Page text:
Meetings at Dundas Harbor

Aug 1 – Aug 4

If we had been surprised to find “the other” Arctic Tern on Bylot, we were doubly so when rounding the point into Dundas: there *three* other boats already at anchor! Granted, we’d met them all in Nuuk. They were Jimmy Cornell and team on Aventura, a yacht in his group named Suilven, and our now friends Sam, David and Peter on Lillian B. There wasn’t a marina for 1000 miles and the closest town, more an outpost, was over 120 miles south, but of the seven boats we knew making an attempt at the Northwest Passage this year, four were now gathered in the same anchorage.

Here we entered what we hope is a short wait-and-see time. We must have fuel before advancing too far, but ice charts continue to show our three possible fuel stops, Pond Inlet, Arctic Bay, and Resolute as inaccessible due to ice. Pond has the reputation of clearing late, and its status had been unchanged for several days. Resolute was still encumbered with winter’s fast ice, but a pool was developing around it, making it hopeful, and ice in Arctic Bay was moving if not exactly clearing.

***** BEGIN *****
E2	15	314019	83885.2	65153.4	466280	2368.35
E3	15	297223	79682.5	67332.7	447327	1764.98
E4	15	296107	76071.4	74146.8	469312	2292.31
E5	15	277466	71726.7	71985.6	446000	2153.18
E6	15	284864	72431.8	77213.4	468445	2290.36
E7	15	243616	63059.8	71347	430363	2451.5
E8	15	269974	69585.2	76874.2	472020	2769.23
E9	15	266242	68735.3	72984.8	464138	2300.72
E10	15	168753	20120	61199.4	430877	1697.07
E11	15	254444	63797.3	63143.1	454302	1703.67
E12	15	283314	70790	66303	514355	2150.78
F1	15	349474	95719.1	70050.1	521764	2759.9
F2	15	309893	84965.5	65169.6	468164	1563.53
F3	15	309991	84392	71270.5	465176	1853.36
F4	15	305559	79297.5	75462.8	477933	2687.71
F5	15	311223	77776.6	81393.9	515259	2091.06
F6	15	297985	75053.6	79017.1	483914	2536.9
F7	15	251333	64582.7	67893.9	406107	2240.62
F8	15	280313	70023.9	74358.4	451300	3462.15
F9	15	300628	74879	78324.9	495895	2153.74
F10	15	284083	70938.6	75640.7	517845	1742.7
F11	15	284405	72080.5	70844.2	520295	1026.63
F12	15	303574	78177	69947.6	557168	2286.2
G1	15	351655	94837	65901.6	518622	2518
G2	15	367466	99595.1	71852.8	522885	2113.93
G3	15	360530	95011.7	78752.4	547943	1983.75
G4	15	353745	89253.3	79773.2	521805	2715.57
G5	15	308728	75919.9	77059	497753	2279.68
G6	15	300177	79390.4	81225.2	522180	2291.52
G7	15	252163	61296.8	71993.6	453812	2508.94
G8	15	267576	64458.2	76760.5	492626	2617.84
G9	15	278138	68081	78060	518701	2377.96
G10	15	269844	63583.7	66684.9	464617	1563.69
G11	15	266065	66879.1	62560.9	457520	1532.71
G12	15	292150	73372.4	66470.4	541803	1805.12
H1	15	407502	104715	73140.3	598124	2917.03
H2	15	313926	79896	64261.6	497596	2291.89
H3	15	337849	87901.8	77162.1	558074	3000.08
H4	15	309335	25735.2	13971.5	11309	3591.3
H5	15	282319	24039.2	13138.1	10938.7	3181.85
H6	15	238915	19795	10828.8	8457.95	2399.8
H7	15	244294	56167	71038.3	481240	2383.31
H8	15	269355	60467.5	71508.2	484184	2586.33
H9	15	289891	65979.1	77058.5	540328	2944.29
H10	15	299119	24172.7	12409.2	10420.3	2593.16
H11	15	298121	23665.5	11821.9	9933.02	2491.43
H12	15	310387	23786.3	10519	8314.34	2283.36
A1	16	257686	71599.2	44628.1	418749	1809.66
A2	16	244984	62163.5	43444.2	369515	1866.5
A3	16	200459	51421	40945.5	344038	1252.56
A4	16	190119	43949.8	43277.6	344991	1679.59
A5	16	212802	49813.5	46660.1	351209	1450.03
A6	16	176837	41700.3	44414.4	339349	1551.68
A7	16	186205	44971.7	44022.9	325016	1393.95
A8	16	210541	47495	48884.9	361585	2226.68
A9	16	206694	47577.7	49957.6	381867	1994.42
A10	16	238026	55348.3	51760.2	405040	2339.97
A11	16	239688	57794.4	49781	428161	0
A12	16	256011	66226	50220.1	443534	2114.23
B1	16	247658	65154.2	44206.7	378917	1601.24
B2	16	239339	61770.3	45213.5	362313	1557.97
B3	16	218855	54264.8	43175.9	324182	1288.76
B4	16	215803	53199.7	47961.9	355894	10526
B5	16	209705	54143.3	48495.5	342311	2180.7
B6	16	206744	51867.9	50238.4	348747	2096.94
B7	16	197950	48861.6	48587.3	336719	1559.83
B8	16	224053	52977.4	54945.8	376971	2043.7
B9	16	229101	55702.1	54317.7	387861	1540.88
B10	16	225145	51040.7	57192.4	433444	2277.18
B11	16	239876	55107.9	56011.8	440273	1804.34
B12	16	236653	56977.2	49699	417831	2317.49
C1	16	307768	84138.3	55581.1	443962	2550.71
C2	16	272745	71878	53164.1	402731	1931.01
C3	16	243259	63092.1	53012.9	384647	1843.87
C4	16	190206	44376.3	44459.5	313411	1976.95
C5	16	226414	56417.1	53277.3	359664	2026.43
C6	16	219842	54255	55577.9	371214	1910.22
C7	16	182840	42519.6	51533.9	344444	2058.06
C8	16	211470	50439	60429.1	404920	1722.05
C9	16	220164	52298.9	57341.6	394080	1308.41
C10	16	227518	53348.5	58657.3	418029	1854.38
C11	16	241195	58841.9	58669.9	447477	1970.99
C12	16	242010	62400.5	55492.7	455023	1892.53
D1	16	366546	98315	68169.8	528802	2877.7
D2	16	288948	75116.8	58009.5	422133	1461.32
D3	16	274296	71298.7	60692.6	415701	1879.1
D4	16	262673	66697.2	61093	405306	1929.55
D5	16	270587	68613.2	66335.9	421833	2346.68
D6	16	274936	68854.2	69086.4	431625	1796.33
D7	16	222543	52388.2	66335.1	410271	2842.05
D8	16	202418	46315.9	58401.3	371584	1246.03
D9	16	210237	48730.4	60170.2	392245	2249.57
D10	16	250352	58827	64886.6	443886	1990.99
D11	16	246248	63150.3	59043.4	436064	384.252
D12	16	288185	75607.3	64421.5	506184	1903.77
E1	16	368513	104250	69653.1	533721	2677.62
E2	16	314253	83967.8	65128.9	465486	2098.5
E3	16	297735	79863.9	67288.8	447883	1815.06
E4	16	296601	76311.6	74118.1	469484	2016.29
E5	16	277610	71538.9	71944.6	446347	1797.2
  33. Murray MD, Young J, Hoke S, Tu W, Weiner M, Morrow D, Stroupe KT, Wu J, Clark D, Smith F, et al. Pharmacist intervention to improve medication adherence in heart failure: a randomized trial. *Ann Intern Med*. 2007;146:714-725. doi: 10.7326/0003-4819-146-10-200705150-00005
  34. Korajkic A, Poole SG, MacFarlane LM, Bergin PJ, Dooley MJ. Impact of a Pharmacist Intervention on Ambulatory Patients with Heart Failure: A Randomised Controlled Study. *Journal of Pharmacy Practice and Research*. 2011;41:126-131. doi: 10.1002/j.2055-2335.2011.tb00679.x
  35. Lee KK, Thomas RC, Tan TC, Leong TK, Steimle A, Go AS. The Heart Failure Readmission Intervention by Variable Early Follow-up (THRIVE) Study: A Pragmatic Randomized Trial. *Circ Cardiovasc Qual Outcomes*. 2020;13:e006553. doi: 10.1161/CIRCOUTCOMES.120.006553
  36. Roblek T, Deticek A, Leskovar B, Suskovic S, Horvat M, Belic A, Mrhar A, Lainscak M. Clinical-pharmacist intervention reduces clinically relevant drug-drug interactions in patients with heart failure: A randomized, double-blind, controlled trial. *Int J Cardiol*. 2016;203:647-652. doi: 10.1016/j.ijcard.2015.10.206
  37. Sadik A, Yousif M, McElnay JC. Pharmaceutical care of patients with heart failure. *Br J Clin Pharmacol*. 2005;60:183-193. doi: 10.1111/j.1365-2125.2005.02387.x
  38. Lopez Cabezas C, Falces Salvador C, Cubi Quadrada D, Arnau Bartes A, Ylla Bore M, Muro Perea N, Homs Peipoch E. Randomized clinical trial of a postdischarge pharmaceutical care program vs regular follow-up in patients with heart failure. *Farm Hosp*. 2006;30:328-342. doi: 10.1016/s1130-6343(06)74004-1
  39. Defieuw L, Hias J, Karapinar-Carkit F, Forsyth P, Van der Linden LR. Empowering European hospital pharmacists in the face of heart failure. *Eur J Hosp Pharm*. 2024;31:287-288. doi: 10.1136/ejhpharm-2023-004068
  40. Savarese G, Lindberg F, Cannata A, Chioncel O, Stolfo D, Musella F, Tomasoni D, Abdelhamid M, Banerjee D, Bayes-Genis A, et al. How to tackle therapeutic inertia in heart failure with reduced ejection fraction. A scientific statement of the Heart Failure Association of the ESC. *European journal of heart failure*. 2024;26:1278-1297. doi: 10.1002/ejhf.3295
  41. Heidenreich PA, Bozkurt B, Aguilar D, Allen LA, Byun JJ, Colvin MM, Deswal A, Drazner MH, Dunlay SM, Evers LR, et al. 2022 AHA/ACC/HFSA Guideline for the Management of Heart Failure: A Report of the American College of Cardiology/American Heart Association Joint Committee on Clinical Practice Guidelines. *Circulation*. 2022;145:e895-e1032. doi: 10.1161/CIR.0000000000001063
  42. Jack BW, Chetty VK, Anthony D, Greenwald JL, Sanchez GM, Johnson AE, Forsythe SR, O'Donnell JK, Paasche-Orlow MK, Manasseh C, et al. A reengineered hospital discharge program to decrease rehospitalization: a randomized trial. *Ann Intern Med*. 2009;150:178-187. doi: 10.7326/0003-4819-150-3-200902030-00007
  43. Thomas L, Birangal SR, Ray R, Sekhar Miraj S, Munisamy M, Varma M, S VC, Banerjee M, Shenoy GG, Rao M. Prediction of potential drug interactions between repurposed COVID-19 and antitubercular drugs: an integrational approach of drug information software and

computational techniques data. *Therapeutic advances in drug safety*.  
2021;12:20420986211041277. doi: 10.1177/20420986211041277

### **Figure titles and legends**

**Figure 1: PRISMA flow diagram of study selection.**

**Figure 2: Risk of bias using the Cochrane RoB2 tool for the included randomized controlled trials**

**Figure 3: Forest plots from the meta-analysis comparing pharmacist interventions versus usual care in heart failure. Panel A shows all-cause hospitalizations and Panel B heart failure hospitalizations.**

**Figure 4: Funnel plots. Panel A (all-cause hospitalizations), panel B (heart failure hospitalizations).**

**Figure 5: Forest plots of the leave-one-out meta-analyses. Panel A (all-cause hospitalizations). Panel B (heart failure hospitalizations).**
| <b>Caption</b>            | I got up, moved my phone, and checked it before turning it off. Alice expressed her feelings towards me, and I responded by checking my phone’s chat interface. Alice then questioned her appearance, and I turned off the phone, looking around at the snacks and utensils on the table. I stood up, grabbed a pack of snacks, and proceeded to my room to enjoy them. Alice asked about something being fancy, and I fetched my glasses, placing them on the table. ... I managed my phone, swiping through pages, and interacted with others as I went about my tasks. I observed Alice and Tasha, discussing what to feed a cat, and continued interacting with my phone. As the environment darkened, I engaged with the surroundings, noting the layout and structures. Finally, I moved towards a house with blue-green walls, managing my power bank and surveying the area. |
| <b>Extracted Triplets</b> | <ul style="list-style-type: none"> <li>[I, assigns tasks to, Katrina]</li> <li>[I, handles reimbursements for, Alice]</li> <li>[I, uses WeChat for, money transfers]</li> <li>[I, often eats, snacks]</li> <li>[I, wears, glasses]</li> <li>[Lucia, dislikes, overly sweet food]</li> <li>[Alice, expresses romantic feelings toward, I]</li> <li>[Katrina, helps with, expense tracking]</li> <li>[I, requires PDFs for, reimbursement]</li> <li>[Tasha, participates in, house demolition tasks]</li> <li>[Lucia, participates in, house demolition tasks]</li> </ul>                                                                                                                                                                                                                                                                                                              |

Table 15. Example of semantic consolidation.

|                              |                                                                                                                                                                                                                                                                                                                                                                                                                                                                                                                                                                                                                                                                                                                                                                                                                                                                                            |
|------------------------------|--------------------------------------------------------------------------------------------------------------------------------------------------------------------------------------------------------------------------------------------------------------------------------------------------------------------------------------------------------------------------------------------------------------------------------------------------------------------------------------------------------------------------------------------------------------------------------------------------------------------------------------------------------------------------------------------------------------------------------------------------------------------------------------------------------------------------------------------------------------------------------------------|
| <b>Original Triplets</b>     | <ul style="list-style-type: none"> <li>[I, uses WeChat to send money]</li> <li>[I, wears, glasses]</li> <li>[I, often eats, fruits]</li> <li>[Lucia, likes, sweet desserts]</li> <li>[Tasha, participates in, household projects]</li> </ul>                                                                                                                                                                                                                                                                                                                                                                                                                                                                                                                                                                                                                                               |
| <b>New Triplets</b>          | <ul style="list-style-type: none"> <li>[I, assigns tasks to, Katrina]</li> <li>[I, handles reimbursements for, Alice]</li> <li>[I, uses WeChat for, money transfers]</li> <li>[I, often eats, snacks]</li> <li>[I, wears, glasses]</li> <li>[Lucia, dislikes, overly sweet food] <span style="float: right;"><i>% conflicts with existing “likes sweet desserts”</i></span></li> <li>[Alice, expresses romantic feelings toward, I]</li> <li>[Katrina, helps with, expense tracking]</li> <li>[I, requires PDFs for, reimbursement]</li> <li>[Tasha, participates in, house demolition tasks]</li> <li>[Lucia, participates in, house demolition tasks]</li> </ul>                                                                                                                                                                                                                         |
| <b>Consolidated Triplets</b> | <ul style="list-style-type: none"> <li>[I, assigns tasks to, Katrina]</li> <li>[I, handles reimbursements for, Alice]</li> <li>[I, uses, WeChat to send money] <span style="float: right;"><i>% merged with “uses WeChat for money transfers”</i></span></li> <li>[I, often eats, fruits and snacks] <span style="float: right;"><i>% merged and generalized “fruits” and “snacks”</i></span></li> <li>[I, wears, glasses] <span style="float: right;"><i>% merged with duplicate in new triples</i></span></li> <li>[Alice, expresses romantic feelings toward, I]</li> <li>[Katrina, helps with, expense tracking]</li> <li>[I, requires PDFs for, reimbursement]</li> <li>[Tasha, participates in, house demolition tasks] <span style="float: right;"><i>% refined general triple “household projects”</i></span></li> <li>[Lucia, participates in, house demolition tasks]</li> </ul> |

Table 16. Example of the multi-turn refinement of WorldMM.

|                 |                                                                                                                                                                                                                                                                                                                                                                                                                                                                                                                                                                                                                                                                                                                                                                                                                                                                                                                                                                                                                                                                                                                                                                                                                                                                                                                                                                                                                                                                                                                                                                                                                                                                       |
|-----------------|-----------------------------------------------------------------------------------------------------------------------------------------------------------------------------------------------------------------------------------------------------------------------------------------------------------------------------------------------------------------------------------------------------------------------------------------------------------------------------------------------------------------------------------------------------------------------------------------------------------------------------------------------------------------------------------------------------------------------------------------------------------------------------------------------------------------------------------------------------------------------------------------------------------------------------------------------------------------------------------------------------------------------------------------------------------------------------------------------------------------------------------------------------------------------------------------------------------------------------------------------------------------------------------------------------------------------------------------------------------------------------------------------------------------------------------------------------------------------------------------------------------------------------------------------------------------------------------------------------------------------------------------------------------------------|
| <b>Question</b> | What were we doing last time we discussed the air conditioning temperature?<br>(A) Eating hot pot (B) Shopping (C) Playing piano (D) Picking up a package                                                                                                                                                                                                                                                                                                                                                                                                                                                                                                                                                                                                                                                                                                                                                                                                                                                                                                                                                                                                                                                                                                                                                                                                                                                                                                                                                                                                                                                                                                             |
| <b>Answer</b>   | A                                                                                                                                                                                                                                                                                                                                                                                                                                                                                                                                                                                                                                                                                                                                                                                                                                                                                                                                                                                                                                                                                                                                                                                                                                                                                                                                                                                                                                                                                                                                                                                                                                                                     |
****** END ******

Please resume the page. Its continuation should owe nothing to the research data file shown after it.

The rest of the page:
Les Lesson #11: Don’t hope to push a small boat through ice much above 1-3/10ths, even a steel one. The Canadian Ice Service publishes daily, highly detailed arctic ice charts, one feature of which is a measure of ice by its density of distribution at water top in a range of 10ths. 1/10ths ice is virtually clear water and 9/10ths is virtually complete ice coverage; the other tenths express the range in between. Much of the ice we see blocking our way to Arctic Bay, for example, is 4 – 6/10ths, and to the greenhorn aboard (me) it is tempting to pursue passage in it. But Les waggles his finger and insists I be patient. Ice is heavy, always moving, and can close behind you in an instant. And 4 – 6/10ths ice is just too much.

So, having no immediate appointments we visited shore and the abandoned Royal Canadian Mounted Police station, a collection of huts on the south-facing headland, which we found still stocked with diesel for the stoves and a mound of coal. Otherwise, however, the facility was dilapidated, due largely to years of vandalism.

At the top of the hill, we found two grave stones in a neat picket fence, which marked the final resting place of two, young RCMP officers. Both men were in their twenties when they died, and each was killed by self-inflicted gunshot wounds to the head while on patrol, but their deaths were in different years and locations, making one wonder at the emotional difficulty of a post on an uninhabited island miles above the arctic circle.

On the return, we met the crew of two other boats, Aventura and Lillian B., also out for a hike.

That evening a north wind suggested we move our berth up into the fjord a few miles for better protection, and after a next day’s hike here, and no better ice reports, we departed for Cumming Inlet 50 miles further west.


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